Bright futures
Walking out the door of a wall tent to a new, fresh blanket of snow is better than Folgers in your cup. It’s undisturbed on the surface, bright with promise and wet with opportunity. It’s a refresh, a reset and a chance to see clearly the different places you might head.  It's a chance to make new tracks. A new snow — that’s how I feel about 2021.

It doesn’t suffice to say 2020 was challenging. The year changed us in innumerable, individual ways. The pandemic certainly impacted how the Wyoming Game and Fish Department carried out business, but it didn’t stop us. Game and Fish took our charge to conserve wildlife and serve people more heartily than ever. Because when seemingly nothing was certain, one thing was: the Wyoming outdoors. Coronavirus didn’t take the wild away from that. Here’s what we’re most proud of this year.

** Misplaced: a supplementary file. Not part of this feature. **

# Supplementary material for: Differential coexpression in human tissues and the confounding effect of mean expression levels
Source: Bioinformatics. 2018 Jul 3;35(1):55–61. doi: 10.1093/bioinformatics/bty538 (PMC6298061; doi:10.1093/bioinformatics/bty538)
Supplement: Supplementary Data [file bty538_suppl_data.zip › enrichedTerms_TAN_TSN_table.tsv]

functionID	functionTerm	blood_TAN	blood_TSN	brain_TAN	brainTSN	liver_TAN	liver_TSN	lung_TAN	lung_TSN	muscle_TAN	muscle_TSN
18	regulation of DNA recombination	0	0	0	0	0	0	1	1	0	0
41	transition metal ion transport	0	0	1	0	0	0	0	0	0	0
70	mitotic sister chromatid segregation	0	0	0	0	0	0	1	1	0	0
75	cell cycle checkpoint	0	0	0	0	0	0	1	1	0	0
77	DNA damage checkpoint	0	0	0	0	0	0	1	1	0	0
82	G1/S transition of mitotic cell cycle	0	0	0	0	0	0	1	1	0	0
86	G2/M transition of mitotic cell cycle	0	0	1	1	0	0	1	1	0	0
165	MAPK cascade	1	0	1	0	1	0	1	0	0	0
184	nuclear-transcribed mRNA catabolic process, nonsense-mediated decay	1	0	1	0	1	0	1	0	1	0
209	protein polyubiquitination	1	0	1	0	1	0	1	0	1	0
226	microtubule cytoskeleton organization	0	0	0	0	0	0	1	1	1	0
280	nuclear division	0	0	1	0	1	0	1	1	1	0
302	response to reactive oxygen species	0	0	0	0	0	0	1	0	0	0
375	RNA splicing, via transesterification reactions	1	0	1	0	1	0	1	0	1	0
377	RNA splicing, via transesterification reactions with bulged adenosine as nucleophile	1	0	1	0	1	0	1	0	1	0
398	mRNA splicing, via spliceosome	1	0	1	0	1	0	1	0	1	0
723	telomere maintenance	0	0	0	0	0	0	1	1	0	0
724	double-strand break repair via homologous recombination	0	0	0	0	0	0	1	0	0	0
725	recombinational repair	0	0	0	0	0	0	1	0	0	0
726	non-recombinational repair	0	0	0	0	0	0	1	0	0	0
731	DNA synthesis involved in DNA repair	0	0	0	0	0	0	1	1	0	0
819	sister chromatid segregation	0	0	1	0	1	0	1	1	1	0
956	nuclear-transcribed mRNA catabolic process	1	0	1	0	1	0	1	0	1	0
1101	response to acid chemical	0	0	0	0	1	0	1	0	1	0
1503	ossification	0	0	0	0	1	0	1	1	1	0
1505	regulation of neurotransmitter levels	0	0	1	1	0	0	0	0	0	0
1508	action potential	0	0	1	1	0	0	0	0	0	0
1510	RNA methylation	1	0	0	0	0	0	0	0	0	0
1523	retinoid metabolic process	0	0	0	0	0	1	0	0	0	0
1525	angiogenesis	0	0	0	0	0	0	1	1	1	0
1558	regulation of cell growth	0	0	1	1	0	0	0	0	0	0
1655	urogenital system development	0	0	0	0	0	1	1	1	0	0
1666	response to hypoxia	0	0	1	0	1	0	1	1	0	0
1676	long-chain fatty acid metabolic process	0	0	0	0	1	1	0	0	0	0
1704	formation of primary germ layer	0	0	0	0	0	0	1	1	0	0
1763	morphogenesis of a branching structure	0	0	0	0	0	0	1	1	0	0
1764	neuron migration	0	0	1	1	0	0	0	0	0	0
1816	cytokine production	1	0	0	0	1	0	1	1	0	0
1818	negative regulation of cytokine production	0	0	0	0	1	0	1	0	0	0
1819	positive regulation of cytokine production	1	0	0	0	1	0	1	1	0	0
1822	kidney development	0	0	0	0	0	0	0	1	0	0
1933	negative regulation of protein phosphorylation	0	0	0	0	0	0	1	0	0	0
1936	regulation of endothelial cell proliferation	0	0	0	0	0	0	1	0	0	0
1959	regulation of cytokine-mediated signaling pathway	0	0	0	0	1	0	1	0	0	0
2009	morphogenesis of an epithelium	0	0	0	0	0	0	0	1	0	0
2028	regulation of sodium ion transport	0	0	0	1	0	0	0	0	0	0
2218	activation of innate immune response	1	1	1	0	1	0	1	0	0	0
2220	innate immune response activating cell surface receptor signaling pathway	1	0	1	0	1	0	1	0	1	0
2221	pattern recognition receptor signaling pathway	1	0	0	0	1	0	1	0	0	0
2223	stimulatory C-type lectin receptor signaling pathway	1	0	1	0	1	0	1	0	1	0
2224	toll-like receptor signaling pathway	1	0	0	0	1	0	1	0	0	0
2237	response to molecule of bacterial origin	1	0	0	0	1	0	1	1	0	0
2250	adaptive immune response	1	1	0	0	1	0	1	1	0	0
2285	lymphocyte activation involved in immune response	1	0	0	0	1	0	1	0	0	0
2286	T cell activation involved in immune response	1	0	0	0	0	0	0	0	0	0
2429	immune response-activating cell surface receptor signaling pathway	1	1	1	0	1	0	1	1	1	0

We remained focused on our priorities. Game and Fish launched the Wildlife Crossing initiative to improve roadway safety for wildlife and drivers, and the Wyoming Game and Fish Commission invested $2.75 million in high-priority wildlife crossing projects. The initiative came alongside Gov. Mark Gordon’s challenge to put 2,020 Wyoming Conservation license plates on the road, a goal that united many working in wildlife conservation and showed the public’s commitment to reducing collisions with animals like mule deer, pronghorn and elk.